Posted on January 7, 2019 by Esther
- Moderate swelling, bruising, bloodshot eyes which lasts for one or two weeks
- Stuffiness. Breathing improves over several months
- Bleeding from the nose for about 24 hours. You will have a gauze drip pad under your nose which may become saturated. Don’t be concerned. Change it as frequently as necessary, and leave it on usually for two days
Call (214) 363 – 4444 if you have any of the following issues:
- Severe pain which does not respond to medication
- Prolonged or profuse bleeding. In the meantime, sit up: Do not lie flat because it will cause more bleeding
- Redness, warmth, or rash-like formation on the skin
- Excessive bleeding or drainage in the drain (more than 25cc/hour)
- Deep pain in the legs/calves; which may indicate a blood clot
- Shortness of breath or labored breathing can be a sign of blood clots in your lungs
- Any other problems or questions not addressed on this paper
Activity: You should take it easy the day of your operation and the following days. By keeping your head elevated above your heart, swelling can be minimized. Because of your medications, you may need assistance getting to and from the bathroom for the first day.
Pain: Most patients feel that the discomfort from this surgery is minimal. The greatest period of discomfort lasts about 24-48 hours. Thereafter, you should have less discomfort and less need for medication. Occasionally, it lasts a little longer, as different people have different pain tolerances.
Alcohol: Do not drink alcohol for five days after surgery, or when you are taking pain medication.
Driving: You may drive a few days after surgery, but never under the influence of pain medication.
Diet: Start with liquids the first few hours and then progress to your regular diet as you desire.
Hair: You may have your hair washed 24 hours after surgery. However, someone should wash it for you so you can lean back with your face up. Do not bend your head forward. You will have to bathe or shower very carefully to prevent getting the external splint wet.
Makeup: You may wear makeup any time after surgery, providing it doesn’t interfere with the splints or tape.
Sneezing: Remember to open your mouth, so that air can be expelled from your mouth, not your nose.
Sun: Do not sit in the sun at all for one week after surgery. After that time, apply sunscreen to the nose.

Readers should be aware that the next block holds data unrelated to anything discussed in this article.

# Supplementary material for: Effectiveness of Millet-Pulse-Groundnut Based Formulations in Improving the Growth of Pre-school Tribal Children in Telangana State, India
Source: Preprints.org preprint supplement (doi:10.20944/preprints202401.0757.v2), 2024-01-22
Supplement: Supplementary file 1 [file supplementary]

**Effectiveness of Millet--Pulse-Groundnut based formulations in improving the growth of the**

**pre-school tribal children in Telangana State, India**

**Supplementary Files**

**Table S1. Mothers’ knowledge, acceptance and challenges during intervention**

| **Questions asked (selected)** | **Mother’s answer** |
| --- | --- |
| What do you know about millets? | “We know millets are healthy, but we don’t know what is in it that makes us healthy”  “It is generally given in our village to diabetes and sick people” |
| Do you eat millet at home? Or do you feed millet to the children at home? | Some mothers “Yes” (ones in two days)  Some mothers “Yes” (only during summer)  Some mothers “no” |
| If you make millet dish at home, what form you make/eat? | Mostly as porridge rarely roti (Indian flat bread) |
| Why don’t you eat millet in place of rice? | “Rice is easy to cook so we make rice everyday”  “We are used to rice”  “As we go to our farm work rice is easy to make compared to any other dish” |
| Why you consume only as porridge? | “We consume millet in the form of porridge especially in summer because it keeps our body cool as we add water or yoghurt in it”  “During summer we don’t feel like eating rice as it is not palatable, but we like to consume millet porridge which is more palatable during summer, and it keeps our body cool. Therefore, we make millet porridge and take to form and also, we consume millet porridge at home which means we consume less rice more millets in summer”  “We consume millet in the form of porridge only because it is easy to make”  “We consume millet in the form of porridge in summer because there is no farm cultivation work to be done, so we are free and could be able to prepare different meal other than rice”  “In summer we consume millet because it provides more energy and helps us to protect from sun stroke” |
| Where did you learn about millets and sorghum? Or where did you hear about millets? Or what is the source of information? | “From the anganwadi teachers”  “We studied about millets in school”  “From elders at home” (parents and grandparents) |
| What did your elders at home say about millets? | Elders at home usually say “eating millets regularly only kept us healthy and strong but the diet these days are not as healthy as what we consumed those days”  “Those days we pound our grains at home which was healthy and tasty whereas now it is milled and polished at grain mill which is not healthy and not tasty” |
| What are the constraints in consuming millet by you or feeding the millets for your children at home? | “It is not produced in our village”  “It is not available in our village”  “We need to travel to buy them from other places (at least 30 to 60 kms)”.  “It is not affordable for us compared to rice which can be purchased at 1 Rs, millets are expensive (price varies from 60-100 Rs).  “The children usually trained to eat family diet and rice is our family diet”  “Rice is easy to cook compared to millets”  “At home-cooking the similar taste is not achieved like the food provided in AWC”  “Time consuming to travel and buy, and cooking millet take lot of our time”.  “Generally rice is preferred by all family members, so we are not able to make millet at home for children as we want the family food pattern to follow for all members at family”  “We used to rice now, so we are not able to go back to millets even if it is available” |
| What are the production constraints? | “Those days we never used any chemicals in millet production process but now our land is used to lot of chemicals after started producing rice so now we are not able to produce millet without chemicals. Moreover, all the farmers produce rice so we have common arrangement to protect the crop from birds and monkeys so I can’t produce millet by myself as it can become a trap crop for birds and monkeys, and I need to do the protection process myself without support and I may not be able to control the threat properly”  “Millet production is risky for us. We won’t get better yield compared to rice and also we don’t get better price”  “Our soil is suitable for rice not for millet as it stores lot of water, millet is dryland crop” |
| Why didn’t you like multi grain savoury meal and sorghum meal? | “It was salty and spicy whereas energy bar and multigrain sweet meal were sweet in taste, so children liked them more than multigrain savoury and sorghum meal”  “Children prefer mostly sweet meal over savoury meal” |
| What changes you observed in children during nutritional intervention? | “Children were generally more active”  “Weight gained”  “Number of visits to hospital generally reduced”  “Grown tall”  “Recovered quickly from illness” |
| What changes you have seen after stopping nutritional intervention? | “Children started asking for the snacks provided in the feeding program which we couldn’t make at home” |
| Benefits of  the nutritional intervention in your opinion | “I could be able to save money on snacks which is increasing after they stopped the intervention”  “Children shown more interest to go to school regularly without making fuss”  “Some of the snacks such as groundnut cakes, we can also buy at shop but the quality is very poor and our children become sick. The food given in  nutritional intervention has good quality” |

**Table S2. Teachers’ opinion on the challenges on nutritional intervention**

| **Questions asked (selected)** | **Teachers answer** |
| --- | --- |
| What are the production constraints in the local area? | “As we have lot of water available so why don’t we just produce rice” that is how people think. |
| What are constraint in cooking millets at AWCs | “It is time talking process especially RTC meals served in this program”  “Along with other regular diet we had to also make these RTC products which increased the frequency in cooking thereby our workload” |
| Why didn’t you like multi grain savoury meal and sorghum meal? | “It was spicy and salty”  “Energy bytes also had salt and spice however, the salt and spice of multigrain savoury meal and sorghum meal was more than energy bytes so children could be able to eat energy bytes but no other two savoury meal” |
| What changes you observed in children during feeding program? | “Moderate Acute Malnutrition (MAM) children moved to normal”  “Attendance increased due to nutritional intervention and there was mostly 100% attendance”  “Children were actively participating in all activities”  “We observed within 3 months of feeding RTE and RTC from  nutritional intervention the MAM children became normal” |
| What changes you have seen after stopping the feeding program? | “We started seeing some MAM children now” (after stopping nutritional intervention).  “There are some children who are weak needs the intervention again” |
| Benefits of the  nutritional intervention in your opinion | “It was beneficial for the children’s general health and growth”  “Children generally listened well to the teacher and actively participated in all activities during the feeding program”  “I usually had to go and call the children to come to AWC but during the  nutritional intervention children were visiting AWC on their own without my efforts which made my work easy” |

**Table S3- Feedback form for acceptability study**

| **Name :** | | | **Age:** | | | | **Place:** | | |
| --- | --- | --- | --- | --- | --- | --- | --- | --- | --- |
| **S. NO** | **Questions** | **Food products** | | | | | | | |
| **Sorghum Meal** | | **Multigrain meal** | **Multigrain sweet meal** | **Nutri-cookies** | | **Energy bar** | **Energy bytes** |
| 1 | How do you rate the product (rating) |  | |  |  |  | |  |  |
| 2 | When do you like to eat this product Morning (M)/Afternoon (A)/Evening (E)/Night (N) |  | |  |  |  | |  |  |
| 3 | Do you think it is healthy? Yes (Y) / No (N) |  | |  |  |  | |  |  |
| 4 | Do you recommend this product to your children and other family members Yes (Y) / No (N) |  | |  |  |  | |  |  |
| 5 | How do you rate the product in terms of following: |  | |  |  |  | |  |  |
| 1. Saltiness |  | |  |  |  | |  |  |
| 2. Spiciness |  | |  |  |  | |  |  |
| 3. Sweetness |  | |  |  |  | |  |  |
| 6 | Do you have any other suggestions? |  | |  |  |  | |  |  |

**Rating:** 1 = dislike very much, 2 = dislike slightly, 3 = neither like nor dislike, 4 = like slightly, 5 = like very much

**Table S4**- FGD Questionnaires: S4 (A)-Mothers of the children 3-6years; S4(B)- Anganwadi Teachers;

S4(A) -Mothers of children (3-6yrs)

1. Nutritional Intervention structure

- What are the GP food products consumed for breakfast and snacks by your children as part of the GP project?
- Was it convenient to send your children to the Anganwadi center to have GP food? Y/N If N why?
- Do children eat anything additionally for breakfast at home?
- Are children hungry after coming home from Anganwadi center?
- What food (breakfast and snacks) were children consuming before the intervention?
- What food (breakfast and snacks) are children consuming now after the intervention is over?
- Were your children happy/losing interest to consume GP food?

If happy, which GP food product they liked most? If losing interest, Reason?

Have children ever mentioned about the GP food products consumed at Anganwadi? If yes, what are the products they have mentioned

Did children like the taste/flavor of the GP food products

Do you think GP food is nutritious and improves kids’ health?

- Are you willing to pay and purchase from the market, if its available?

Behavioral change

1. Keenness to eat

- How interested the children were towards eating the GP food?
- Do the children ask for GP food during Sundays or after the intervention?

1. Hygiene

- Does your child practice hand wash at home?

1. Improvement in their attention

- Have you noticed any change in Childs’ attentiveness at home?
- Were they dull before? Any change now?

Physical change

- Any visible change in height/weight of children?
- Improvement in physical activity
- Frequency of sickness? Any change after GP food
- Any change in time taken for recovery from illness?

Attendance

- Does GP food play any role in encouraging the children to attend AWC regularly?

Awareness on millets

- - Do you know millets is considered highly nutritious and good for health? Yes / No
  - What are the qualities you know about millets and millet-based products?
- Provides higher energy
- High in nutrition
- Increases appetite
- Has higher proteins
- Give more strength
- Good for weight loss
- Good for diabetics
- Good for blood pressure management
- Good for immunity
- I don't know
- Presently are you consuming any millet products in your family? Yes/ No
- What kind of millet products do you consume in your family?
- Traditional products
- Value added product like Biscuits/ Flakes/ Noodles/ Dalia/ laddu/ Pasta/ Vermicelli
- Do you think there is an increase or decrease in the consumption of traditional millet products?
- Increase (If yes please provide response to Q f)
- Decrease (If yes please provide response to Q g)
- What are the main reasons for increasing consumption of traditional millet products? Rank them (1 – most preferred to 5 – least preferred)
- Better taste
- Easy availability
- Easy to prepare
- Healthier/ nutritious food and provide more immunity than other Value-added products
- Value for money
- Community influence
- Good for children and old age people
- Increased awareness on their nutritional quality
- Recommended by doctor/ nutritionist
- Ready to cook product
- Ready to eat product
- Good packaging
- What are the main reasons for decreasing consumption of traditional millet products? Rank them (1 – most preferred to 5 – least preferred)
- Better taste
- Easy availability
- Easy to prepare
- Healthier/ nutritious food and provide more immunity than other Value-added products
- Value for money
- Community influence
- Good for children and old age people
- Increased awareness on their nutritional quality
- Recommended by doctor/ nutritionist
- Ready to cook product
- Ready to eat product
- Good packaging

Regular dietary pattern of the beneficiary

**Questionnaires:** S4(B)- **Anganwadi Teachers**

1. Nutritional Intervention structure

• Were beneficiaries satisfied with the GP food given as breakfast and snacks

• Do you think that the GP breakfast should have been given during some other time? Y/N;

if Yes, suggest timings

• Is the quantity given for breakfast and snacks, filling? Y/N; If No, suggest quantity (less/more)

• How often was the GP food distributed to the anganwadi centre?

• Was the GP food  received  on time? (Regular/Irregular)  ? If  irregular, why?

Sports: Strenuous sports such as tennis, swimming, jogging, aerobics, or bicycling may be resumed after three weeks. This includes hot tubbing, sexual relations, and brisk walking. It is imperative that you prevent any injury to the nose during the postoperative period for four weeks.
Cleaning the inside of your nose: Do not blow your nose for two weeks after nose surgery. You can start gently cleansing the inside of your nostrils with a Q-tip moistened with hydrogen peroxide the day after surgery. You may place the Q- tip up to 1/4” inside the nostril without causing any damage. Follow with a thin layer of Polysporin ointment to keep the nostril and suture lines from becoming infected and maintaining lubrication.
Work: Depending on the kind of work you do, you may return to your job as soon as you feel comfortable. The splint and tape will remain in place for approximately one week. Do not remove it. If it accidentally falls off, don’t panic; your nose may just swell a little more than usual.
Ice packs: Our staff will explain how to make simple, effective ice packs which should be placed on your eyes and nose for two days following surgery. This will decrease discomfort, swelling, and bruising.
Postoperative visits: The day after surgery: you will be called at home by our staff.
Subsequent visits: They will be determined by your progress. Splints, casts and sutures are usually removed five to seven days after surgery.
You will feel more comfortable using the private postoperative waiting room for your initial postoperative visits. Park in the handicap spot in front of the Sherry Lane door. Press the doorbell and we will let you in from the inside.
Please feel free to call us at any time during your healing period. THE OUTCOME OF YOUR SURGERY IS IN YOUR HANDS AS WELL AS THE DOCTOR’S. IT IS YOUR RESPONSIBILITY TO FOLLOW THE INSTRUCTIONS GIVEN TO YOU.